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GERONTO-McGILL
BULLETIN OF THE McGILL CENTRE FOR STUDIES IN AGING
January - February 2007 ISSN 0838-2263 Volume 23, No. 1
HARVESTING STEM
ARE WE READY TO AGE?
An interview with Dr. Stéphane Ledoux, M.D., Clinical Neurologist

CELLS WITHOUT
and Researcher, McGill Centre for Studies in Aging and Cité de
DAMAGING EMBRYOS:
la santé, Laval
COULD NEW RESEARCH
MAKE OLD NEWS OF
AN ETHICAL DEBATE?

will develop Alzheimer’s disease (AD).
Every year in the United States, 360,000older adults receive an AD diagnosis. In people ages 65 and up, and the prevalence doubles roughly every 10 years after 65.
for which there are few effectivetreatments, including neurodegenerative diseases and other maladies associatedwith aging. On the other hand, theethical debate rages on because POLICY AND POLITICS
HOW WELL ARE CANADIAN SENIORS DOING? THE
2006 REPORT CARD OF THE NATIONAL ADVISORY
a patient would be associated withthe destruction of that embryo.
COUNCIL ON AGING
on finding alternative sources for stemcells, with umbilical cord blood andeven skin having populations of stem How are Canadian seniors doing? How talking to experts in gerontology, seniors’ officials working in aging and seniors’ 4.2 million persons aged 65 or older. This IN THIS ISSUE
Embryonic stem cells: end of the debate . . . . . . . . . 1 Interview with Stéphane Ledoux . . . . . . . . . . . . . . . 1 whether the situation had improved, gotten How well are Canadian seniors doing?. . . . . . . . . . . 1 worse, or remained the same over the last Does your doctor google? . . . . . . . . . . . . . . . . . . . . . 4 questions with their 2006 Report Card, by Memory and cognitive intervention . . . . . . . . . . . . . 5 Men’s health . . . . . . . . . . . . . . . . . . . . . . . . . . . . . . . 6 GERONTO-McGILL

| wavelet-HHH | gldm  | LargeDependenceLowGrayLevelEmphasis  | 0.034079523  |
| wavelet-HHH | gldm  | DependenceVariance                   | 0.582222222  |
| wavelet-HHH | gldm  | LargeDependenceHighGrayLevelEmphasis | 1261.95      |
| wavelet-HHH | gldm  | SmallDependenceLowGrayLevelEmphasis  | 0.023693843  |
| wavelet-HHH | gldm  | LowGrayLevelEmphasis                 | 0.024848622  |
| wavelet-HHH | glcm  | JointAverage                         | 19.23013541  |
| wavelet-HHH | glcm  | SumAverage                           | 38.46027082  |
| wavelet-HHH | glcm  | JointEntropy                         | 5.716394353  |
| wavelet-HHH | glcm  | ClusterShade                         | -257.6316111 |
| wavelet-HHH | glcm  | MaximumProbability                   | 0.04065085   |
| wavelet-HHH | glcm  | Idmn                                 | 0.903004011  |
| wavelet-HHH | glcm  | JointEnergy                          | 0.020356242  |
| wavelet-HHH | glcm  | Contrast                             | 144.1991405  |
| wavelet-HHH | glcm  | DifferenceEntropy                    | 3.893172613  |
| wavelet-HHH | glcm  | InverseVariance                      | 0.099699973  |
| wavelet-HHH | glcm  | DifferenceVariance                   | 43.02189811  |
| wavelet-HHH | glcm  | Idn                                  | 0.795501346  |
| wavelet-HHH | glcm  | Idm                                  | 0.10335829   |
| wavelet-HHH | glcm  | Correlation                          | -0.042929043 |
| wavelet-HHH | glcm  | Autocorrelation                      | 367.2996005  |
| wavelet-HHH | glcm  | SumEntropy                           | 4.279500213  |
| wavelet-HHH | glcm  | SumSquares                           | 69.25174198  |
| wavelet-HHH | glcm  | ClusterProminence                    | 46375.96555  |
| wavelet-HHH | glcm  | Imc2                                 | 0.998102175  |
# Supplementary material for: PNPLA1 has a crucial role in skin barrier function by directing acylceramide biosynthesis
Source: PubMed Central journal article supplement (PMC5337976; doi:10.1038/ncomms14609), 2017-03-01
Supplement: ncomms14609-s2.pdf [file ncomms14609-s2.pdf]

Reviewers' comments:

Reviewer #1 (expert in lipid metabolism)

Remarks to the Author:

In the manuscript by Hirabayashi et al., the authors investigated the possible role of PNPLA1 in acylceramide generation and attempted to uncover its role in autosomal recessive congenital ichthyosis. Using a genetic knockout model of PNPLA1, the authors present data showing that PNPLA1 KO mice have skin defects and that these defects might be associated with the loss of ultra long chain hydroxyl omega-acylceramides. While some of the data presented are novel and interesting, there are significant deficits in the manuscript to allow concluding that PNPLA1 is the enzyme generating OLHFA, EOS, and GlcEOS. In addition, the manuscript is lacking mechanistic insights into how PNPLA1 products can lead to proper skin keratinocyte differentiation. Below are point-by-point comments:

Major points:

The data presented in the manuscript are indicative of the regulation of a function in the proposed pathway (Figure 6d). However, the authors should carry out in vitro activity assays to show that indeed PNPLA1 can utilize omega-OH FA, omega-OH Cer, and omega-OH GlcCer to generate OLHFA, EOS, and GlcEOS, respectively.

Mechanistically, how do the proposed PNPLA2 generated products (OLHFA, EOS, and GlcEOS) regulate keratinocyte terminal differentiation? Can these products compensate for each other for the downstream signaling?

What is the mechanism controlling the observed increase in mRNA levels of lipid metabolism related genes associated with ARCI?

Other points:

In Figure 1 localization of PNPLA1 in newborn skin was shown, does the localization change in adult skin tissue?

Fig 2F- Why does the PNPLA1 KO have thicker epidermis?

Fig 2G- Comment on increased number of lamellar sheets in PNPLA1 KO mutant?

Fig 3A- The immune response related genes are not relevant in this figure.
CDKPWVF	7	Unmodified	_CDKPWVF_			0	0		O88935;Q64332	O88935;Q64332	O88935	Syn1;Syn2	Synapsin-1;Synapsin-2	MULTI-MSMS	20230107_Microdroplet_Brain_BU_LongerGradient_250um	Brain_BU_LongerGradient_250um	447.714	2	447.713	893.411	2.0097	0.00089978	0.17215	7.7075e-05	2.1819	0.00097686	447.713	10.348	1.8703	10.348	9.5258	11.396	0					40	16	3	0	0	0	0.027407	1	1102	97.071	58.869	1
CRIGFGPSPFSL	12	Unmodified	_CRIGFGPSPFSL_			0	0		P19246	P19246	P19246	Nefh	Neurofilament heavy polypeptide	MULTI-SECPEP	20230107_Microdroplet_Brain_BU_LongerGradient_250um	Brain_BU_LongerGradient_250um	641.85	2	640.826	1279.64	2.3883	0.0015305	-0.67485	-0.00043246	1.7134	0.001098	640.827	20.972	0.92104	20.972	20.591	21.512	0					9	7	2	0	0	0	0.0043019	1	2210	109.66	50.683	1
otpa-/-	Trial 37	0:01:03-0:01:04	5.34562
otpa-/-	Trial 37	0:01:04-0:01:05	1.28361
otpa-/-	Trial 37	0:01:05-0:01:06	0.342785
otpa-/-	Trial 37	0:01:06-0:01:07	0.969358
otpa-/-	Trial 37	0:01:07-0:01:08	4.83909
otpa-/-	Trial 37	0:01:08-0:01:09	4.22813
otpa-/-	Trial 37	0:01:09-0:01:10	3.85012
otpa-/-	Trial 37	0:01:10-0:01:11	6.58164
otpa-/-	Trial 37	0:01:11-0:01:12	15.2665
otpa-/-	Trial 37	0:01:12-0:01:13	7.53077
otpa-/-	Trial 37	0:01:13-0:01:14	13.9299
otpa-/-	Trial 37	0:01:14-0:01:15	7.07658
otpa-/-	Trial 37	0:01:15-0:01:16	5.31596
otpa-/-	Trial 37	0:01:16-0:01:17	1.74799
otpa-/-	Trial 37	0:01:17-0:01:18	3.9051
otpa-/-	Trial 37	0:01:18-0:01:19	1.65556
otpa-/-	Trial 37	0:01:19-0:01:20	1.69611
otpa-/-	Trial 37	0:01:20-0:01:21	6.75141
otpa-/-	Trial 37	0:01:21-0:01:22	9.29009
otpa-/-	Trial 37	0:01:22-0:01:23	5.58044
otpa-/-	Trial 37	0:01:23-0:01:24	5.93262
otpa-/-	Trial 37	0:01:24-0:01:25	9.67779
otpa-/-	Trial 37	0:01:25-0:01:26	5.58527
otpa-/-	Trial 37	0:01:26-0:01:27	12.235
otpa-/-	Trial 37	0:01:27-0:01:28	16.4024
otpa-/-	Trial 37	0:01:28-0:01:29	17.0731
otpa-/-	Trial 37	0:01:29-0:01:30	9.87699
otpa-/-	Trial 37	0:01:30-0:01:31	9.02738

An interview with Dr. Stéphane Ledoux, M.D., Clinical Neurologist and Researcher,
McGill Centre for Studies in Aging and Cité de la santé, Laval
(Continued from page 1)

have this most common form of dementia.
and with a detailed neurological exam.
definitive cure for the disease are in large the two proven risk factors for AD are age and a family history of the disorder.
the Université de Montréal and then went increases one's risk, particularly if the to McGill University for his specialization because of the progressive and irreversible the disease (beginning before age 65) that neurologist based at the Cité de la Santé factors may also increase one's risk. Some injury, lower levels of formal education, brain cells. In addition, another protein things interact to produce the disease in deforms and collapses into neurofibrillary its clinic and academic training programs and experiences early in life may also play a role in the eventual development of AD.
clinical work with patients and exposureto the basic research aimed treatment that halts the progression of AD of directly preventing AD from developing is very hopeful however; in fact he states is involved in the evaluation, treatment, that within the next two years there will treatment has definitely proven clinically with cognitive disorders and diseases such a ways to go before we regard age-related optimism to the clinical trials designed to Centre’s efforts in several ways. First, he for Studies in Aging being on the forefront of these drug trials. Moreover, Dr. Ledoux Dr. Ledoux explains that most are referred is well positioned to offer such an opinion most of us tend to take little notice of the pathological aging in some form is taking involved in monitoring the effects of these realities of aging. What exactly underlies GERONTO-McGILL
HOW WELL ARE CANADIAN SENIORS DOING? THE 2006 REPORT CARD OF THE
NATIONAL ADVISORY COUNCIL ON AGING
(Continued from page 1)